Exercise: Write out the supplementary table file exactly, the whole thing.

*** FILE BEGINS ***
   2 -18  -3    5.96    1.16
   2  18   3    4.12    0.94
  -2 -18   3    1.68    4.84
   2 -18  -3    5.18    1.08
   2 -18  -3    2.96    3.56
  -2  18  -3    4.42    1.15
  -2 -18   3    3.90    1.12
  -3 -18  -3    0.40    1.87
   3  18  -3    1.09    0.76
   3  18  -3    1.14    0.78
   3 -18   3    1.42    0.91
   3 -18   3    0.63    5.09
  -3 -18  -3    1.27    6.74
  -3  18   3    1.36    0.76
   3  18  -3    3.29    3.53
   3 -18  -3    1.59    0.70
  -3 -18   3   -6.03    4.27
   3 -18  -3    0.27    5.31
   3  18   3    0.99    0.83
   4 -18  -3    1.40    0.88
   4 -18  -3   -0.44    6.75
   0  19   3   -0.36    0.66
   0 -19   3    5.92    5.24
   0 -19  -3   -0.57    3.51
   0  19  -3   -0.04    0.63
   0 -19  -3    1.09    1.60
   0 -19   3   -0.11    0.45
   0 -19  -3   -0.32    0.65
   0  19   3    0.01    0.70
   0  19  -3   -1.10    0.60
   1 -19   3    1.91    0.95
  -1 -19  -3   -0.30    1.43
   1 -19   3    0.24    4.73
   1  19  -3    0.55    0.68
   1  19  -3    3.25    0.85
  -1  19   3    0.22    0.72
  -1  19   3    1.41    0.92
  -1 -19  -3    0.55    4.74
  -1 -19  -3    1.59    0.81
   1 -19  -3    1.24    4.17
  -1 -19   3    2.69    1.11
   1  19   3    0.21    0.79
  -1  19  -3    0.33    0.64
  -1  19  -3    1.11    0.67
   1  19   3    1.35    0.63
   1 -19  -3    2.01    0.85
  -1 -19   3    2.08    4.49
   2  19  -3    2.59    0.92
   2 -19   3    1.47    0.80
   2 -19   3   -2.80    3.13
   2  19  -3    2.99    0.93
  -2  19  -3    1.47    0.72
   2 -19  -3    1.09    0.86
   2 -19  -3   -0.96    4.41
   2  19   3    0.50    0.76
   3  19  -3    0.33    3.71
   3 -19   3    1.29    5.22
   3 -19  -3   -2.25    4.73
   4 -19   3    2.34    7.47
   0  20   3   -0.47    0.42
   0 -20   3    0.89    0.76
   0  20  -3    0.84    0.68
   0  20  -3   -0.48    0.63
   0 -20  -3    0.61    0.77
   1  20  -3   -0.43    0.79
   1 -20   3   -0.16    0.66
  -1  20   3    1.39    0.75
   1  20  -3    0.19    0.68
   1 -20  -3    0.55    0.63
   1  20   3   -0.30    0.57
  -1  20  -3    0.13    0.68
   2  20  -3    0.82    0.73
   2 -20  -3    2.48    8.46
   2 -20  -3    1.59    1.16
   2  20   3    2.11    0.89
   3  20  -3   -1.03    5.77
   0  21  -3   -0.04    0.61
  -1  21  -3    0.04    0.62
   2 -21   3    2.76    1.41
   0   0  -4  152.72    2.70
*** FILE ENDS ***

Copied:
   2 -18  -3    5.96    1.16
   2  18   3    4.12    0.94
  -2 -18   3    1.68    4.84
   2 -18  -3    5.18    1.08
   2 -18  -3    2.96    3.56
  -2  18  -3    4.42    1.15
  -2 -18   3    3.90    1.12
  -3 -18  -3    0.40    1.87
   3  18  -3    1.09    0.76
   3  18  -3    1.14    0.78
   3 -18   3    1.42    0.91
   3 -18   3    0.63    5.09
  -3 -18  -3    1.27    6.74
  -3  18   3    1.36    0.76
   3  18  -3    3.29    3.53
   3 -18  -3    1.59    0.70
  -3 -18   3   -6.03    4.27
   3 -18  -3    0.27    5.31
   3  18   3    0.99    0.83
   4 -18  -3    1.40    0.88
   4 -18  -3   -0.44    6.75
   0  19   3   -0.36    0.66
   0 -19   3    5.92    5.24
   0 -19  -3   -0.57    3.51
   0  19  -3   -0.04    0.63
   0 -19  -3    1.09    1.60
   0 -19   3   -0.11    0.45
   0 -19  -3   -0.32    0.65
   0  19   3    0.01    0.70
   0  19  -3   -1.10    0.60
   1 -19   3    1.91    0.95
  -1 -19  -3   -0.30    1.43
   1 -19   3    0.24    4.73
   1  19  -3    0.55    0.68
   1  19  -3    3.25    0.85
  -1  19   3    0.22    0.72
  -1  19   3    1.41    0.92
  -1 -19  -3    0.55    4.74
  -1 -19  -3    1.59    0.81
   1 -19  -3    1.24    4.17
  -1 -19   3    2.69    1.11
   1  19   3    0.21    0.79
  -1  19  -3    0.33    0.64
  -1  19  -3    1.11    0.67
   1  19   3    1.35    0.63
   1 -19  -3    2.01    0.85
  -1 -19   3    2.08    4.49
   2  19  -3    2.59    0.92
   2 -19   3    1.47    0.80
   2 -19   3   -2.80    3.13
   2  19  -3    2.99    0.93
  -2  19  -3    1.47    0.72
   2 -19  -3    1.09    0.86
   2 -19  -3   -0.96    4.41
   2  19   3    0.50    0.76
   3  19  -3    0.33    3.71
   3 -19   3    1.29    5.22
   3 -19  -3   -2.25    4.73
   4 -19   3    2.34    7.47
   0  20   3   -0.47    0.42
   0 -20   3    0.89    0.76
   0  20  -3    0.84    0.68
   0  20  -3   -0.48    0.63
   0 -20  -3    0.61    0.77
   1  20  -3   -0.43    0.79
   1 -20   3   -0.16    0.66
  -1  20   3    1.39    0.75
   1  20  -3    0.19    0.68
   1 -20  -3    0.55    0.63
   1  20   3   -0.30    0.57
  -1  20  -3    0.13    0.68
   2  20  -3    0.82    0.73
   2 -20  -3    2.48    8.46
   2 -20  -3    1.59    1.16
   2  20   3    2.11    0.89
   3  20  -3   -1.03    5.77
   0  21  -3   -0.04    0.61
  -1  21  -3    0.04    0.62
   2 -21   3    2.76    1.41
   0   0  -4  152.72    2.70